Saturday, December 15, 2012

Daily Work Schedule

I have problems with time management. Anyone who knows me at all knows this. In an effort to improve productivity in my career, I've been trying to get in 40 hours a week. It's been tough lately with the wedding and now the holidays, but after some inspiring quotes from writers about their work schedules, I'm taking a stab at re-imagining my daily routines.

1. Wake up at 6am as often as possible. Have breakfast and coffee, check emails, fart around on the internet, read, but only for the first hour of being awake.

2. After an hour to get myself moving around, do exercise and yoga. Go to the gym for cardio on the machines at least 3 times a week. Yoga every day, at least an hour.

3. Check audition notices first thing. Then again in the afternoon. Then again before bed.

4. After exercises and working on tuning my instrument (dance practice, vocal exercises) get right to projects. Prioritize them in order of deadline, then what's easier and faster to produce, then work on longer term/more complex work. Start no later than 10am.

5. Meditate after lunch if possible, or when getting home after my day job and before dinner.

6. Spend 1-2 hours looking for an agent, but no more than that.

7. Read more. Find time when I'm unable to function creatively instead of wasting time on the internet.

8. In the evening spend an hour or two on some of my other creative projects, like my writing or sewing.

9. Try and tidy the house in the morning, possibly after exercising, and at night before bed. Put things away as soon as I'm done using them. Also at this time, work on any tasks on my to-do list that are just mundane life stuff, like paying bills.

10. If I'm not doing anything in the evening, like going out with friends or seeing a show or IN a show, be in bed by 10pm. No internet after that.

11. No more facebook games. I can play on the XBox if I've gotten at least 20 hours of work done by Wednesday. Oblivion and Skyrim are best played in the afternoon and before dinner, especially if I'm spending a lot of time fighting undead. 

I'm going to try to implement these guidelines now, as much as possible, but hopefully they will be in full effect by the new year! I'm almost done with my holiday preparations, so that should be easier to do. Too bad my day job is so busy right now! But things there will calm down in the new year, and I can concentrate more on acting and being organized. Productivity is hard. I'm hoping that more meditation and a better sleep schedule will help. Also, I want to get my place in better order so that it's more conducive to basically clean and organize my junk. When everything is everywhere, it's harder for me to think, but also harder to get my ass moving around and cleaning. It's a vicious cycle.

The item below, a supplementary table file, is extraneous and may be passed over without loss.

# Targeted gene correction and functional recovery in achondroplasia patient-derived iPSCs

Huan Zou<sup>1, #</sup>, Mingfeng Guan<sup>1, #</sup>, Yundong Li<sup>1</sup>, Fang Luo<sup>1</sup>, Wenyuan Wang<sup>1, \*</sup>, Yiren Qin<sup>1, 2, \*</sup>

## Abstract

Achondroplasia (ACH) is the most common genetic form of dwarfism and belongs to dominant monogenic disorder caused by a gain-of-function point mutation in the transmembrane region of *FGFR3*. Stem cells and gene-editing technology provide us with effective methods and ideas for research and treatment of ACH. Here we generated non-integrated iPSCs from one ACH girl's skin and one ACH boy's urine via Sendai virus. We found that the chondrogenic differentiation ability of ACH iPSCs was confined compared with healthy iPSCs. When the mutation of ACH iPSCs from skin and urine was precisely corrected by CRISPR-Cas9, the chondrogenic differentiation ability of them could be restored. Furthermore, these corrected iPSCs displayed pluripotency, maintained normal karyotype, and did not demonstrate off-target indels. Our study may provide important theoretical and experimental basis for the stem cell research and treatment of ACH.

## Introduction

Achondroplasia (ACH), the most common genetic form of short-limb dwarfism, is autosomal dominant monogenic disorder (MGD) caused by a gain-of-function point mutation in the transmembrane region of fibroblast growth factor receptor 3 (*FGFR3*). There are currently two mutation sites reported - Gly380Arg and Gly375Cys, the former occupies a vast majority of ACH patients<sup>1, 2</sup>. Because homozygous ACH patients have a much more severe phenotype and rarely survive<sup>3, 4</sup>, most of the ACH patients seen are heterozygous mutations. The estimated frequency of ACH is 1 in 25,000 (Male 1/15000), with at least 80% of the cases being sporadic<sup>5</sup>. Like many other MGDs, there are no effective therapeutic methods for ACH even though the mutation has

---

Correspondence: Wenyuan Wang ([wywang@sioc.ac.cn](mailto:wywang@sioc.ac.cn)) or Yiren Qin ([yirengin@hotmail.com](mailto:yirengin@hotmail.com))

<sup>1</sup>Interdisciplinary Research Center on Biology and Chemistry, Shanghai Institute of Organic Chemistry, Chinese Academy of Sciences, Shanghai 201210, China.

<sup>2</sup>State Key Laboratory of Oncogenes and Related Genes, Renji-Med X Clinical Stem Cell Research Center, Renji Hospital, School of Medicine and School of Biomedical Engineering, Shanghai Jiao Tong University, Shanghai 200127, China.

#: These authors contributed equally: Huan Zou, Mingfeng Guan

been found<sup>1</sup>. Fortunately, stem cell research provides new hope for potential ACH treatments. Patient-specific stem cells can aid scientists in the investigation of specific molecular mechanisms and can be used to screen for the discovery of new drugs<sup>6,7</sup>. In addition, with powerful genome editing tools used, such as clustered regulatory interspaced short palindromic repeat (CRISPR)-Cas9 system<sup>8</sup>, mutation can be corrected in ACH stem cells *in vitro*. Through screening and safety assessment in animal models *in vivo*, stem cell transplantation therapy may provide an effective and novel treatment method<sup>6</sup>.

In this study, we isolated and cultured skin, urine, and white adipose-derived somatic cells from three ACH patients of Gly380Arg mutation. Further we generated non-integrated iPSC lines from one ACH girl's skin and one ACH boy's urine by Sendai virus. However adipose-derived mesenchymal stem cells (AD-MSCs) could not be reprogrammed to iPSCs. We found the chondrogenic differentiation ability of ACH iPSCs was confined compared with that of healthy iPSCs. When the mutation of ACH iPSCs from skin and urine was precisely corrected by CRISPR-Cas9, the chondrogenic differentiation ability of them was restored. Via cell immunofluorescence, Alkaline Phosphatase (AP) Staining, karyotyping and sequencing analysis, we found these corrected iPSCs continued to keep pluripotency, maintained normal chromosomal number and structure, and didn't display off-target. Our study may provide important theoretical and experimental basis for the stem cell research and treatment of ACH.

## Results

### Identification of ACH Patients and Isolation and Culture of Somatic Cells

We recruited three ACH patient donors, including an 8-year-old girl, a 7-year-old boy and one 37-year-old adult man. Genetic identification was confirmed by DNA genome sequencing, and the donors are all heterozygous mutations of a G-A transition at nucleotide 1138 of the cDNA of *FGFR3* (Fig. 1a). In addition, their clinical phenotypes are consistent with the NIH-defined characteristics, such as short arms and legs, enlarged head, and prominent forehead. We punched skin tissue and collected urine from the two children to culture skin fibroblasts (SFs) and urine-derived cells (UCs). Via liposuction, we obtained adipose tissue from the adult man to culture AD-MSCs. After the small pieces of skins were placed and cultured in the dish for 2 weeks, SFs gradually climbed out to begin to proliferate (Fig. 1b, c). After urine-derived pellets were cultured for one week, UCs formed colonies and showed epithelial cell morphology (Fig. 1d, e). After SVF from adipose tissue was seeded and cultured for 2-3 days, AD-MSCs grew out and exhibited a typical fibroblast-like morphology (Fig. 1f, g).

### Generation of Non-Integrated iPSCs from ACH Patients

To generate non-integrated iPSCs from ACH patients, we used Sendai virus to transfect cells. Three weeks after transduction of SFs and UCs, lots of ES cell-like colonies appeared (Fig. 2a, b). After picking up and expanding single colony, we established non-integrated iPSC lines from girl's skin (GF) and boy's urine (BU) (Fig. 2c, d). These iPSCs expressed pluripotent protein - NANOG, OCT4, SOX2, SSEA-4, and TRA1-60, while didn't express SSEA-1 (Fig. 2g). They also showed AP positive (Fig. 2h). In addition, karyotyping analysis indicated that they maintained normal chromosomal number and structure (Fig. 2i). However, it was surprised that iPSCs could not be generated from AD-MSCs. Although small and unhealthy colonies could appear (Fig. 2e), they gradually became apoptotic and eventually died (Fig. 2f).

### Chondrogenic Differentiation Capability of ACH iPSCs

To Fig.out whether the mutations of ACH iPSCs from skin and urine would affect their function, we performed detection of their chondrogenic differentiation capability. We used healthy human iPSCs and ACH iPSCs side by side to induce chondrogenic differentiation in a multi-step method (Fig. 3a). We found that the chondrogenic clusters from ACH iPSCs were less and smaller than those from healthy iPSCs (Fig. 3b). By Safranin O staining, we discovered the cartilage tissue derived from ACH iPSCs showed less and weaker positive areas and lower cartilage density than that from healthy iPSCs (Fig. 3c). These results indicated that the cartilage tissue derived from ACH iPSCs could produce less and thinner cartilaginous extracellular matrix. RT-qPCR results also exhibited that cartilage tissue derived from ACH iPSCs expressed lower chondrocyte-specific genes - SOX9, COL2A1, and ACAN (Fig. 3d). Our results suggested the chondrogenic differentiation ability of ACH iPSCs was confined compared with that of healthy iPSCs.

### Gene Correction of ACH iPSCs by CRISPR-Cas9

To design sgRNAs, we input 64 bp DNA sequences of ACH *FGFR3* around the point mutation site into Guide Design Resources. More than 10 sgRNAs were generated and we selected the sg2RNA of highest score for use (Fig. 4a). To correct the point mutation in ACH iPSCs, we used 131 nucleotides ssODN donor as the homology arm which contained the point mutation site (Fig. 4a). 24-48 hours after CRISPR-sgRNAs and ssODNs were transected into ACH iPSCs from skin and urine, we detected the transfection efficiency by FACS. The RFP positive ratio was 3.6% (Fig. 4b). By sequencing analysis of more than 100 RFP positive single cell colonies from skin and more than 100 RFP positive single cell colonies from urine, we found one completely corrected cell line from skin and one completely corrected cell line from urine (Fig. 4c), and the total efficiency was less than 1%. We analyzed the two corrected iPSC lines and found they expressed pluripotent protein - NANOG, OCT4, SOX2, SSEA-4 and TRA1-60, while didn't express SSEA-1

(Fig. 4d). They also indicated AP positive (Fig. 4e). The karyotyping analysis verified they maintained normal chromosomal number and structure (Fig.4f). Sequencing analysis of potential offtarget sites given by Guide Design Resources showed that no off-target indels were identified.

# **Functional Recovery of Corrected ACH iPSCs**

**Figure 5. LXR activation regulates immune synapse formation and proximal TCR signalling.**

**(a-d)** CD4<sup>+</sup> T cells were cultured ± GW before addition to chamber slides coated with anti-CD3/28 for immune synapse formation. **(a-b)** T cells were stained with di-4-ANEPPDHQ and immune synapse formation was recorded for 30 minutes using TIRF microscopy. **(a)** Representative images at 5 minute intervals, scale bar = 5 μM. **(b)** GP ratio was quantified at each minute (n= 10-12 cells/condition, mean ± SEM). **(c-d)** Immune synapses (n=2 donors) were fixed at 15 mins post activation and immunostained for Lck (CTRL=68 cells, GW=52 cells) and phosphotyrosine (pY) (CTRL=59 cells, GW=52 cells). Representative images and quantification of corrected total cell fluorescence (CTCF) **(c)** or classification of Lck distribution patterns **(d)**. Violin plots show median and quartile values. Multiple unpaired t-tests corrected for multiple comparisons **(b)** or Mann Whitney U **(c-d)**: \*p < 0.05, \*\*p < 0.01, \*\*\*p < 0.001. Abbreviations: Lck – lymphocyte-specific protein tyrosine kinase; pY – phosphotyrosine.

Saturday, December 8, 2012

Why I do Student Films

I hear, once in a while, people complaining about acting in student films. To that I say, why NOT do a student film? Obviously, when you're like me and just starting out, you'll take anything you can get. I don't submit to roles I'm not comfortable with, but just the fact of the production team being students is no reason to turn them down, and here's why:

Students usually have access to a studio with equipment. That means your little short or independent feature has things like, cameras, lights, and more than likely, a crew. In my experience, these things add to production value and make your footage look better.

Sure, you aren't getting paid. Or at least not much. Still, they usually feed you at least. Plus you get footage for your reel, and if you don't have a long list of credits under your belt, that's pretty valuable. Sometimes copy can be really hard to get from a director. For some reason, they just want to hold onto it and never let you see it or have it. Even after the editing process, which admittedly takes a while, it can be tough. They have "other things to do" I guess. Or even better, they lose it! But students usually have things like deadlines, and often help with editing, so it's a lot easier to get your hands on that precious, precious video.

Yes, it's a bunch of amateurs who may or may not know what they're doing. But they also have teachers and mentors helping them out, keeping them on track, and advising them when they get stuck. I know more than a few "self-taught" film makers who find themselves stymied because they don't have the benefit of this knowledge on-set, which can cause delays and issues with production.

It's fun. It's, like, really fun. Students are passionate about their projects! Everyone involved is excited, and committed to the cause. They haven't been kicked down enough to hate what they do yet, and they aren't full of ego. They also aren't unrealistic, because they have been told what they should expect on a set.

This is all coming out of my most recent experience shooting a short film at LACC. I had a really good time, I felt like the director had a cohesive and defined vision, the professor was really nice and helpful while at the same time gave the director free reign, and for all intents and purposes, I felt like I was on a real set, with real film-makers. And it felt great to be a part of that. I can't wait to see how it turned out!